'Soon we'll die from hunger'
Trouw, 6 May 2010

The Greeks are angry. Angry with their government, angry with the world around them and angry with themselves. Wednesday all over Greece Greeks took to the streets to show their anger. Public institutions stayed closed; hospitals and public transport worked Sunday shifts.

,,Soon we'll die from hunger'', history teacher Maria Christofori said, commenting the government plans to cut spending with another 30 billion euros. Together with several thousands of people she has come to the centre of Thessalonica, Greece's second biggest city. Students, firemen, garbage men, factory workers, pensioners; everybody is there. ,,We have a tradition of protesting'', Christofori explained. ,,We've seen it work in the past and I hope it will work today.''

Like many people around her she would like to see the IMF and Europe cancel the enormous foreign debts of the country. Or that those responsible for them were to pay them. ,,This is the fault of the politicians and the banks. It's not fair to make the working people pay.''

But the anger of the protesters is not solely directed towards Greece's leaders and big business. There is self-criticism as well. ,,We are all guilty'', according to Stas, a student in graphic design. ,,For thirty years they've been stealing in this country. We all witnessed it and even participated, while we could see the downfall of Greece approaching.'' And as if it were to stop that downfall immediately, around him a chorus starts, calling up the Greeks for battle. ,,De streets are the only solution'', Stas said.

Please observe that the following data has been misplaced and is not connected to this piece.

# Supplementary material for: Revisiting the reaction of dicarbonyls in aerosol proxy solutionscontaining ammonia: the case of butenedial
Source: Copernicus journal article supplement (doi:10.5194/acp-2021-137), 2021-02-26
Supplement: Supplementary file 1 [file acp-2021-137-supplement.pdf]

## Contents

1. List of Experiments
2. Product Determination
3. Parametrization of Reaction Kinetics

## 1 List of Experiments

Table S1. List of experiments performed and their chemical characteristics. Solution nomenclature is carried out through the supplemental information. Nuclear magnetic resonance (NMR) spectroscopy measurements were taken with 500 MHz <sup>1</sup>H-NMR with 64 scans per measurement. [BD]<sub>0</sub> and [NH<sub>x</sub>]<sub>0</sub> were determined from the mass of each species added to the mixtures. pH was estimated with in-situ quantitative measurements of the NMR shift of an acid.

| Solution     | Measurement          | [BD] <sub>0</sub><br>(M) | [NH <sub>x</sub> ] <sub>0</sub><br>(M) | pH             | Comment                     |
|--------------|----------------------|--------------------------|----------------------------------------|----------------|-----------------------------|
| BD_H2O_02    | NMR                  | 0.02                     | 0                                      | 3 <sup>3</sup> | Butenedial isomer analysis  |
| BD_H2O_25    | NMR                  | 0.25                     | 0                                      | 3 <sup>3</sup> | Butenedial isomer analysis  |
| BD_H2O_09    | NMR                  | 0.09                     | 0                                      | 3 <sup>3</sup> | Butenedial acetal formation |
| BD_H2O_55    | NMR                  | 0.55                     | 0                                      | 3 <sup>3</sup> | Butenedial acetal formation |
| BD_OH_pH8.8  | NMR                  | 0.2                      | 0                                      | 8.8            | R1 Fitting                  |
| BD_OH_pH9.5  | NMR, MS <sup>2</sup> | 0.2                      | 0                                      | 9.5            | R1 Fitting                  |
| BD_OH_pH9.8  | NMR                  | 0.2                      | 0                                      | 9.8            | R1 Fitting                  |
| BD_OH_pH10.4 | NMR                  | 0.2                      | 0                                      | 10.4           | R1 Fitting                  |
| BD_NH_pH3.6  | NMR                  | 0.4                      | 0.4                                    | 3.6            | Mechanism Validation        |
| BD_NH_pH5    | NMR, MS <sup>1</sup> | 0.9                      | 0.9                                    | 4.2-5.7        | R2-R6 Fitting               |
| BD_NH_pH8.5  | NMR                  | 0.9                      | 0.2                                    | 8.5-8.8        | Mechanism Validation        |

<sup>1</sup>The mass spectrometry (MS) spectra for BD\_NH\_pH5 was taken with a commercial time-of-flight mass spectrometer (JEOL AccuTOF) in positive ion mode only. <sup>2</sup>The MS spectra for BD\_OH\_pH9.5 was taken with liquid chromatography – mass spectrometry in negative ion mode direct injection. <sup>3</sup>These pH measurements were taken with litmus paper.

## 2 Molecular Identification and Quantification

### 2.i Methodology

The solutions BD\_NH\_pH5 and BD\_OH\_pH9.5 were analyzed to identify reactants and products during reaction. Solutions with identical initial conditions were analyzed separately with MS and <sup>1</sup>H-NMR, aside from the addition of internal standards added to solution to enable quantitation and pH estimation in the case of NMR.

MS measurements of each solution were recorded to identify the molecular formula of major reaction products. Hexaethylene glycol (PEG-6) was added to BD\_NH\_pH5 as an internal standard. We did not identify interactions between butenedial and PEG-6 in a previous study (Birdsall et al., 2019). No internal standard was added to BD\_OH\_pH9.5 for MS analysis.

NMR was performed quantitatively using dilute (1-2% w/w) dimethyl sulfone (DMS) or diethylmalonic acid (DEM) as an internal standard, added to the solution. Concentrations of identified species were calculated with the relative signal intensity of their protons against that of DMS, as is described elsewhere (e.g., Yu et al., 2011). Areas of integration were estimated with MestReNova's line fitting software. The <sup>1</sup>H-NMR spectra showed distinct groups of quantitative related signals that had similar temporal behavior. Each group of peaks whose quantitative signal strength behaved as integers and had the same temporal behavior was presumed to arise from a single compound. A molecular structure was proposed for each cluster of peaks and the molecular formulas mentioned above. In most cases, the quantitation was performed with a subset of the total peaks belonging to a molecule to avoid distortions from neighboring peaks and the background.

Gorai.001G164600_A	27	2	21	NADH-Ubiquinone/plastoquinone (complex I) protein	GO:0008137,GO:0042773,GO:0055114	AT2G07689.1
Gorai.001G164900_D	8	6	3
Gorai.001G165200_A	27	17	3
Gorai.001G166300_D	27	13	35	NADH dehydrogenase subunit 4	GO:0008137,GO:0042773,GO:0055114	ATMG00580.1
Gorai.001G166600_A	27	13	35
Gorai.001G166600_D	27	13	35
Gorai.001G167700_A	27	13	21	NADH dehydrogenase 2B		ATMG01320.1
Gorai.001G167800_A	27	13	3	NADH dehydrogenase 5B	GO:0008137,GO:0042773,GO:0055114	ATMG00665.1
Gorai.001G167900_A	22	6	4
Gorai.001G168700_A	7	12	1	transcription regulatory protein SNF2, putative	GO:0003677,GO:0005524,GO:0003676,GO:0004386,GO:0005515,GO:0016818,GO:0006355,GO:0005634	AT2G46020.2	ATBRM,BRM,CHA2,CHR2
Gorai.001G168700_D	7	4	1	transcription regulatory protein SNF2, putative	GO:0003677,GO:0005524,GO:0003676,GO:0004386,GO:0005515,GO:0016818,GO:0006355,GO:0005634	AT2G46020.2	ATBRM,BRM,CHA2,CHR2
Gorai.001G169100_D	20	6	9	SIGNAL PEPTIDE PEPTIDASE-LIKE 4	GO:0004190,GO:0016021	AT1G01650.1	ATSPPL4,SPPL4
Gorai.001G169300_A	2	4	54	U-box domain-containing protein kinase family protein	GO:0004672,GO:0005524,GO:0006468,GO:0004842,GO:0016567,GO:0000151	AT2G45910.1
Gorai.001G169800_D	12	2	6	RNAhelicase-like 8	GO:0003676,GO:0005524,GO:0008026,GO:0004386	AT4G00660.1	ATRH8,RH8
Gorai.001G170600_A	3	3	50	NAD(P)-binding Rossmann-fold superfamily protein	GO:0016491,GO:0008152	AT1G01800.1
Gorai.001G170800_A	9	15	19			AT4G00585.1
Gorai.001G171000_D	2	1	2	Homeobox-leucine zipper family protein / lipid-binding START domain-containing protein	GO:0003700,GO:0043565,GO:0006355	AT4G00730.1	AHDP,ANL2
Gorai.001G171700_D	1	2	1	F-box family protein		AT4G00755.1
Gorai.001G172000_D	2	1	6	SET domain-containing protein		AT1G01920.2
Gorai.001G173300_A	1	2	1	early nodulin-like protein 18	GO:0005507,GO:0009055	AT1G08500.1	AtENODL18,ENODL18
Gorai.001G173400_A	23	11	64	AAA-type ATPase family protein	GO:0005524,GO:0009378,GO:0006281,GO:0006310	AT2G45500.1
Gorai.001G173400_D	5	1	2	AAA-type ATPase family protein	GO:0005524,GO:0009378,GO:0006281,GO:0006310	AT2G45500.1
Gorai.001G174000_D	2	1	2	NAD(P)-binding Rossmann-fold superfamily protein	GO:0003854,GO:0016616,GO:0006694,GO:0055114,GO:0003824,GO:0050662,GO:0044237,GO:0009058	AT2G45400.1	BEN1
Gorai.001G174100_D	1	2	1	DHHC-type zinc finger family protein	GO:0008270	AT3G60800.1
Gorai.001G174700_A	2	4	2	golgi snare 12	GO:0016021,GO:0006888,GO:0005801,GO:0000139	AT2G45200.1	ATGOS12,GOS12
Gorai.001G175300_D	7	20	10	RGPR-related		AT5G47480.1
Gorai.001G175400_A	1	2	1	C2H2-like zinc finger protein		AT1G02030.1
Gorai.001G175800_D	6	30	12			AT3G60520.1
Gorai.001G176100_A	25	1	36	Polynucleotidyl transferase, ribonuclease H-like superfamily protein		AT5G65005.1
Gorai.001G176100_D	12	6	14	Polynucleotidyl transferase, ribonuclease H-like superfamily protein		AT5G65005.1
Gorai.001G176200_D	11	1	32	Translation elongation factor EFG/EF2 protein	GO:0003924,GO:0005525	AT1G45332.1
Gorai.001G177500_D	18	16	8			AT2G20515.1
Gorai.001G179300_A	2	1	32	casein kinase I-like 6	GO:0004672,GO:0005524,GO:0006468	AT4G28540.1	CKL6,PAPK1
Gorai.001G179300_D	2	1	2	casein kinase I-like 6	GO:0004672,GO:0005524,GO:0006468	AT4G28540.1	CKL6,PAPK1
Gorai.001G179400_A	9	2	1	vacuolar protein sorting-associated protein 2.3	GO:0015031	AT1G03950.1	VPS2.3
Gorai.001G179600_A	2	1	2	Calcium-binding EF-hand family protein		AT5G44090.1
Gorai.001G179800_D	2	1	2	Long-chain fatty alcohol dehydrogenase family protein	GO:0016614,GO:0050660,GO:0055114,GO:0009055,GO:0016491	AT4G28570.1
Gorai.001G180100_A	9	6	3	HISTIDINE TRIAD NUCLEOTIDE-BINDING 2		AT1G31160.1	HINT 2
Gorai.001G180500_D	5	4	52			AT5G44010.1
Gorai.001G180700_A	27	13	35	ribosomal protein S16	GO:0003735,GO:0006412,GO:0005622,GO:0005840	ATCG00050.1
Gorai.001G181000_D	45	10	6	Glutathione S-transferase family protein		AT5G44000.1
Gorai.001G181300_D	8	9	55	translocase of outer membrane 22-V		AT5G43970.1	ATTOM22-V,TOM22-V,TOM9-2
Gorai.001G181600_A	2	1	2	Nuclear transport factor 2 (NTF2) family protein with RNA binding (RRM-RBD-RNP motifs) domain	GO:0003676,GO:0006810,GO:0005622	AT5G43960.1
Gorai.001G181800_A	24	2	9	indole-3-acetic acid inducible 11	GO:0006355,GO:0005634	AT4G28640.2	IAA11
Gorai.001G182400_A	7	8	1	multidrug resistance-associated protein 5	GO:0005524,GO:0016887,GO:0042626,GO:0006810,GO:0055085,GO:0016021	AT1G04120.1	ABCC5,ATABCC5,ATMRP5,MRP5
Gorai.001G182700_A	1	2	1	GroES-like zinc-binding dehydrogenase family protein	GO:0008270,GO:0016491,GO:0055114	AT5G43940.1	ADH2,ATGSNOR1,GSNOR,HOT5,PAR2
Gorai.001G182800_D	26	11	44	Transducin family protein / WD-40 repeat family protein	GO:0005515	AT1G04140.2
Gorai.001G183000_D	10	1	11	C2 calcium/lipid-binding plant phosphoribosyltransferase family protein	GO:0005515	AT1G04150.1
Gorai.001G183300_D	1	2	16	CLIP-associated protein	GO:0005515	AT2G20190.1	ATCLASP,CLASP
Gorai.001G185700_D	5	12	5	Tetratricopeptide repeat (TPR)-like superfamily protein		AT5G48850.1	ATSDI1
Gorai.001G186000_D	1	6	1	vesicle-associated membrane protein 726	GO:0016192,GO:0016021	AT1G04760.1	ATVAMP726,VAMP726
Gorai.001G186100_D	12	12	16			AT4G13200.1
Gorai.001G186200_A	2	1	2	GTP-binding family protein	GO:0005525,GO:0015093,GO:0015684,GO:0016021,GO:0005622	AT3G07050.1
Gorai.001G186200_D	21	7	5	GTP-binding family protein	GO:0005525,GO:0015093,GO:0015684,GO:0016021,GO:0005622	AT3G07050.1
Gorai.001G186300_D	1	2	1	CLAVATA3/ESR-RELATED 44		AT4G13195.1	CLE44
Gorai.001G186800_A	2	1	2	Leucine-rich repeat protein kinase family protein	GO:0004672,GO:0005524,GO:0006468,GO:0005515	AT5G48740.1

But not everybody in Thessalonica is on the streets today. In the bars along the way waitresses walk their legs off to serve the protesters ice coffee and mineral water. ,,You bet this is a good day'', the owner of The Blues Bar said smilingly. Outside the café paper cups and plastic bottles pile up in mounds. For two days already the garbage men are on strike. Trash cans and dumpsters are overflowing with waste.

A few blocks down the road employers of a Starbucks get the shock of their lives. A group of masked youngsters storms out of the crowd and into the café. In less than a minute they completely tear the place up with clubs, until then disguised as flags. ,,They think we are a American company, but we're just a Greek franchise'', one of the waitresses cried, with mortal fear still visible in her eyes.

It's the end of the until that moment peaceful demonstration. Dumpsters are being set to fire or turned upside down in the entrances of banks. The windows of European store chains are smashed. Shopkeepers roll down their shutters, while African vendors quickly grab their merchandise and start running. Until finally the police get to action and clean the streets, using teargas and batons.

One hour later, life has resumed its normal course in Thessalonica. The pavement terraces are as always crowded with people and in the streets the scent of flowers mixes with the stench of exhaust fumes and rubbish. Only on a few corners the sharp smell of teargas still lingers in the air and passers-by suddenly find themselves crying, much to their own surprise.